Thursday, 3 March 2011

"...there's no place for a classical Anglo-Catholic in the Anglican Communion anymore."

PERTH, Australia (CNS) -- Traditionalist Anglicans who remain in the Anglican Church rather than taking up Pope Benedict XVI's offer of an Anglican ordinariate are wasting their time and spiritual energy clinging to a dangerous illusion, said the Vatican's delegate for the Australian ordinariate.
Melbourne Auxiliary Bishop Peter Elliott, a former Anglican, urged Anglicans at a Feb. 26 festival in Perth to take up the pope's offer of "peace."
"I would caution people who still claim to be Anglo-Catholics and yet are holding back," he told The Record, Catholic newspaper of the Archdiocese of Perth, Feb. 26. "I'd say 'When are you going to face realities?' because there's no place for a classical Anglo-Catholic in the Anglican Communion anymore."

It's very hard to fault his logic. Yet no one should despair. It was always going to be the case (and for various reasons, all well-rehearsed on this blog and elsewhere) that not everyone who is sympathetic to the establishment of the Ordinariate was ever going to be able to join it in the "first wave."
As for those who seem at the moment to have rejected the Holy Father's offer, the passing of time will be both on the side of the Ordinariate and on that of the revisionist majority within western Anglicanism. It will soon dawn on those remaining "classical Anglo-Catholics" who are now reluctant to leave, that there can be no 'safe haven' for them within Anglican structures.
There is a very good reason for this. Anglican Catholics know - or at least they should by now - that they simply cannot rely on the empty promises made by those who are our synodical and episcopal opponents many of whom, as we have seen fairly close to home, equate our beliefs with those of racists, homophobes and anti-semites. [See here] Not that all our opponents are without generosity or sympathy to the Anglo-Catholic predicament but, as we are also aware, expressions of sympathy and promises of support without the concomitant ability to deliver on those promises can result in more uncertainty, anxiety and despair than that caused by outright opposition. For Anglo-Catholics in England and Wales, the last few years have been a triumph of unrealistic hope over bitter experience.
I would be genuinely interested in hearing from anyone who believes that there is now a long-term and orthodox future for Anglo-Catholics within the Anglican Communion - a future which includes both the essential witness to the unity of Catholic Christianity and progress towards the goal of full and visible unity.

Because on a practical level (on any coherent theological, ecclesiological, level, it's clearly all over) it seems to me that even if, in England, the 'SSWSH ' bishops achieve their goal of recognition as a "society" within a C of E rapidly moving towards the ordination of women to the episcopate (and at present, gaining that recognition seems most unlikely, unless some spectacular rabbits can be pulled from archiepiscopal hats)  no one should be under any illusion that the war of attrition, "the long defeat" we have been fighting, will be over and done with. All the levers of power and influence (it's unfortunate to have speak in these terms, but nonetheless in a divided and politicised Church...) and of sacramental and pastoral oversight, including the authority to recommend ordinands for training, the kind of training or formation any candidates would receive, and the authority to nominate clergy to parishes, will all be (as they are now for all intents and purposes) in the hands of those whose beliefs are, at root, inimical to orthodox Catholic faith and practice. [More than that, the polity of modern Anglicanism itself, provincial autonomy coupled with 'synodical government and episcopal leadership,' has proved fatal, in today's western cultural setting, to the very survival of orthodoxy.] The question of who is in communion with whom will be unanswered (because it is essentially an unsolvable problem, in terms of a catholic ecclesiology, for those who remain.)  Any truce will be temporary, then there will be only more of the same - a continuation of the unequal battle - but this time with less support, fewer resources and very little or no public understanding or sympathy.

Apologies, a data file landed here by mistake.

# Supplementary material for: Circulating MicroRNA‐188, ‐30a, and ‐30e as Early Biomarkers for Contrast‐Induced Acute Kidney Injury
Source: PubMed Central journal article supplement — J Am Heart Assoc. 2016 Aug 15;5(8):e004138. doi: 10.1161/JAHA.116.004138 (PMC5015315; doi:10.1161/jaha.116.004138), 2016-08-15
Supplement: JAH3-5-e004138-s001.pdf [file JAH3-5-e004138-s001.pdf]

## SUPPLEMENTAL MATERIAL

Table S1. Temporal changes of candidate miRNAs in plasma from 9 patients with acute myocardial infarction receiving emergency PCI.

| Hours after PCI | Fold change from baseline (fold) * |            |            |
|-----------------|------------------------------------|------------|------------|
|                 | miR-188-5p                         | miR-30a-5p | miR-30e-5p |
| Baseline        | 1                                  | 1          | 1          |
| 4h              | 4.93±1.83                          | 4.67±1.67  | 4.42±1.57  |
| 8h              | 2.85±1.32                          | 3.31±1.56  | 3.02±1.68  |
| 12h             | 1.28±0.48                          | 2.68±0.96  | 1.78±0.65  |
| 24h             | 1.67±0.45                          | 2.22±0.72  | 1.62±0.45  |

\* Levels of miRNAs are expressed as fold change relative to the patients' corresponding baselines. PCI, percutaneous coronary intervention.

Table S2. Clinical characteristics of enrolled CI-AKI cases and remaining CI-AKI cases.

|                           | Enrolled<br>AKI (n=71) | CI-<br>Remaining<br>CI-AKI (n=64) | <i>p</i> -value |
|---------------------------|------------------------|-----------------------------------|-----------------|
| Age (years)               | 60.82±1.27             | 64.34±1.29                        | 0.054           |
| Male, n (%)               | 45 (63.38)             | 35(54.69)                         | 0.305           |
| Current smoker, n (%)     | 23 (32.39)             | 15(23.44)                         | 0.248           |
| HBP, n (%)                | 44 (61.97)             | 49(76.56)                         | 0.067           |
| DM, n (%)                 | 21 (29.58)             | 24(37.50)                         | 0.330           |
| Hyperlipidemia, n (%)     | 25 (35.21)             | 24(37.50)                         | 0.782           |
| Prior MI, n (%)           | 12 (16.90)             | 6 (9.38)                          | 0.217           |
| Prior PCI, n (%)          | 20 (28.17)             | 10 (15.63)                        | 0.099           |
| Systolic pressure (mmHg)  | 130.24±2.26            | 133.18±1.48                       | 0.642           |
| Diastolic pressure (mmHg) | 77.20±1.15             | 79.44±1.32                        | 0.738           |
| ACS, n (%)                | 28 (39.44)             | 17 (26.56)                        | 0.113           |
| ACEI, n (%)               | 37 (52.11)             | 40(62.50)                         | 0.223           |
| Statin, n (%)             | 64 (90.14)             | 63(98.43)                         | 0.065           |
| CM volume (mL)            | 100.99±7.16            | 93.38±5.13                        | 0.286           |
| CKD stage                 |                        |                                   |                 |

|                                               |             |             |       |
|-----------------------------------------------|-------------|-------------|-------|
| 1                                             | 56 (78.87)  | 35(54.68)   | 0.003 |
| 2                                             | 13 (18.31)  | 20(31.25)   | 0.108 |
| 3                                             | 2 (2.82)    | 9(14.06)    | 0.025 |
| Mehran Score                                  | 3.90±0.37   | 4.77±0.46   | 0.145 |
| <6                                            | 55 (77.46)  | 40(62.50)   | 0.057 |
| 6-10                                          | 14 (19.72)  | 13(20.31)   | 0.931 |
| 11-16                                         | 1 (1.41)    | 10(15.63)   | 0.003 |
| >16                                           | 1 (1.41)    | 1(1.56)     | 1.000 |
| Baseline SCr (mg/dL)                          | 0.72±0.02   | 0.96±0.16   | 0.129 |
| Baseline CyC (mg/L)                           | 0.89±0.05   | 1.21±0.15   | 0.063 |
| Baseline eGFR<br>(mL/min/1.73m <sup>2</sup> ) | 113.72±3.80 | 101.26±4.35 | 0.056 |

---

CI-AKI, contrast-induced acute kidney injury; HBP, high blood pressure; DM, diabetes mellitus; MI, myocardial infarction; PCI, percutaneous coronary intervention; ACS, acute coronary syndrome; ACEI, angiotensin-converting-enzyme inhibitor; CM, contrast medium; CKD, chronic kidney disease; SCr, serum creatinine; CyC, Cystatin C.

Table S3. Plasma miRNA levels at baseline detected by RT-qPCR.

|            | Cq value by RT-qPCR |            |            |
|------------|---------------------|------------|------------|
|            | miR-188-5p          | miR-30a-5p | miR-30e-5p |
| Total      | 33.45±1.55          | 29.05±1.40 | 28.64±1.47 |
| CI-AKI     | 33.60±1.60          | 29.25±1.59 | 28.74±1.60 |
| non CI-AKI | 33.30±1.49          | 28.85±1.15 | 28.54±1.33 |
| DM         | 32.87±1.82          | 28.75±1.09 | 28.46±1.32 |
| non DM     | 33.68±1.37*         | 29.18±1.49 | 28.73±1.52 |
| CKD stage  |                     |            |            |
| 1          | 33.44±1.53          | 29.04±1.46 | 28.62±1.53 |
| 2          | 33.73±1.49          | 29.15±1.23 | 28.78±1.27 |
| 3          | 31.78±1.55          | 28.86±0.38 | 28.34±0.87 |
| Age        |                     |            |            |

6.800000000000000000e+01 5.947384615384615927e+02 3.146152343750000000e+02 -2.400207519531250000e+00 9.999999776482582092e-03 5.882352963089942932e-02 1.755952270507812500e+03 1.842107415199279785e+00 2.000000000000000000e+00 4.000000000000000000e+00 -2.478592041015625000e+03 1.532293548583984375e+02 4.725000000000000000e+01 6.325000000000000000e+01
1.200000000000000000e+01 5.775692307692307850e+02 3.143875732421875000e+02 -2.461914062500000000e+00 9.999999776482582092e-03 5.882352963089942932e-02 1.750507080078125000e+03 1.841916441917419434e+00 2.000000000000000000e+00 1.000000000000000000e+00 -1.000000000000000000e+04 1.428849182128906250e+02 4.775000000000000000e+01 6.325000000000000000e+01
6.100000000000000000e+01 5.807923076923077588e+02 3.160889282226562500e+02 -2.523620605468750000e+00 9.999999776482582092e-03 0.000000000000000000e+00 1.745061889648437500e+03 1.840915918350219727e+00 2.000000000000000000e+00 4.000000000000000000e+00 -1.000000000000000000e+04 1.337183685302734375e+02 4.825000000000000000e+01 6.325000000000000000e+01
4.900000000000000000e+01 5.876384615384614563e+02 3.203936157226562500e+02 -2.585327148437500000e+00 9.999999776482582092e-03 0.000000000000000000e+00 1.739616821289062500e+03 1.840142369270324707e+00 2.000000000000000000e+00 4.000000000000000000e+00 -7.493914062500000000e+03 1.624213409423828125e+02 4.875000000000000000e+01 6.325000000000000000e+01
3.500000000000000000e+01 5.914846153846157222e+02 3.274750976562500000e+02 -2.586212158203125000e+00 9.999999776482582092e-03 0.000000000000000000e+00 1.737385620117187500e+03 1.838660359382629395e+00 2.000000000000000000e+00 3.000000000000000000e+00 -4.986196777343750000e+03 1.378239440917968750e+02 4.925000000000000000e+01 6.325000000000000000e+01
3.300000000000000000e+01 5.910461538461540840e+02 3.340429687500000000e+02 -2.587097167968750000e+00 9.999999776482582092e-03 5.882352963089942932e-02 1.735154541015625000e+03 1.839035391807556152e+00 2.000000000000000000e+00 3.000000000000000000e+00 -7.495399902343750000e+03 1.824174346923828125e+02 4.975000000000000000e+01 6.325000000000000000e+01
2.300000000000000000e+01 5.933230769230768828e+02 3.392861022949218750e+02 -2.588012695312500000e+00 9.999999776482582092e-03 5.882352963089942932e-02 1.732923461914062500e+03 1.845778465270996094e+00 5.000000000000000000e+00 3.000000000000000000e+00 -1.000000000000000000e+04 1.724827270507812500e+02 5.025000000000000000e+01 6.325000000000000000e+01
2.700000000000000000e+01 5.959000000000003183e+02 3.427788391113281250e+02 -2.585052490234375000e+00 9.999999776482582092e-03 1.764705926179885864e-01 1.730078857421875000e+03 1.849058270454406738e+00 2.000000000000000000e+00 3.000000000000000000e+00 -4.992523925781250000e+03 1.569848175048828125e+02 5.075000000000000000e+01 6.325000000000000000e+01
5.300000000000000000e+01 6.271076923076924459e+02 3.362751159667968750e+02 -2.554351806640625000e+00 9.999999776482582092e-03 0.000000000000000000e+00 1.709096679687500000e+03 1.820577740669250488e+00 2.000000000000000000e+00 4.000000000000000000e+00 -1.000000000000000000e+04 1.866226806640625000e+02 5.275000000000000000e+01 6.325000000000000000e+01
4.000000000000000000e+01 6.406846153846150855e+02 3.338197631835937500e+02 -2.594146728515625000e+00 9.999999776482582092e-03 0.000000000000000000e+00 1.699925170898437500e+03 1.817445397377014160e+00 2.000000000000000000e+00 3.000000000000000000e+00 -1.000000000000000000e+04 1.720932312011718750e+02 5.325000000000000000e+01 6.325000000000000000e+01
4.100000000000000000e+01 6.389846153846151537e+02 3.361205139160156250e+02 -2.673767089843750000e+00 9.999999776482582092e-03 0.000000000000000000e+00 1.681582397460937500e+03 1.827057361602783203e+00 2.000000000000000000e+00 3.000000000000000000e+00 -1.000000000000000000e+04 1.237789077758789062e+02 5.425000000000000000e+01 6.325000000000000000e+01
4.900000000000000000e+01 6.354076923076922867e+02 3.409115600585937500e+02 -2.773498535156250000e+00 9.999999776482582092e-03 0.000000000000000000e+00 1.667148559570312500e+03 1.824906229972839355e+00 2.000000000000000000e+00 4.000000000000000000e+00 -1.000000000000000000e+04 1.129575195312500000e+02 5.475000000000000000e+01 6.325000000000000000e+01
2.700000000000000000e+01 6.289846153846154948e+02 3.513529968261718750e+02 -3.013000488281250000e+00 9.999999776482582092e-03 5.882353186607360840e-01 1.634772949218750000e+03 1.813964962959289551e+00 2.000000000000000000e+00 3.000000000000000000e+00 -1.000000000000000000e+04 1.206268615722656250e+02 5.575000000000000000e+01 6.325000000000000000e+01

Fortunately for all of us, the door of the Ordinariate will remain wide open. Unlike Anglicanism in its modern guise, Catholicism is proving itself to be a broad Church and is 'inclusive' in the true sense of possessing unity of faith whilst allowing a legitimate diversity in its expression. What more do we want?


  1. and you, Fr Michael: what is your future to be?

  2. I first read the opening words of Bishop Elliott's piece as 'Transitional Anglicans'. Hmmm

  3. My future? Given that the branch upon which I'm sitting at the moment is being sawn off, my immediate future is looking increasingly precarious. It would be wrong to mistake falling through the air for paralysis. The one consolation is that we are in the hands of God. But your prayers for some kind of safe landing would be very much appreciated.
    Yes, I suppose we are 'transitional Anglicans' in more senses than one.

  4. What you say is, of course,correct. At a Deanery Synod my wife attended, one of the lovely people there addressed her and other Anglo-Catholics with the following: "When are you going to get the message. We don't want you in the Church of England. for goodness sake B---er of to Rome.There's no place for you here" We will be following his advice in due course but we will determine when to go not some idiot on Deanery Synod.

  5. Fr Mervyn - in Cornwall B****r is used as a term of endearment, but perhaps your synodical person wasn't Cornish!


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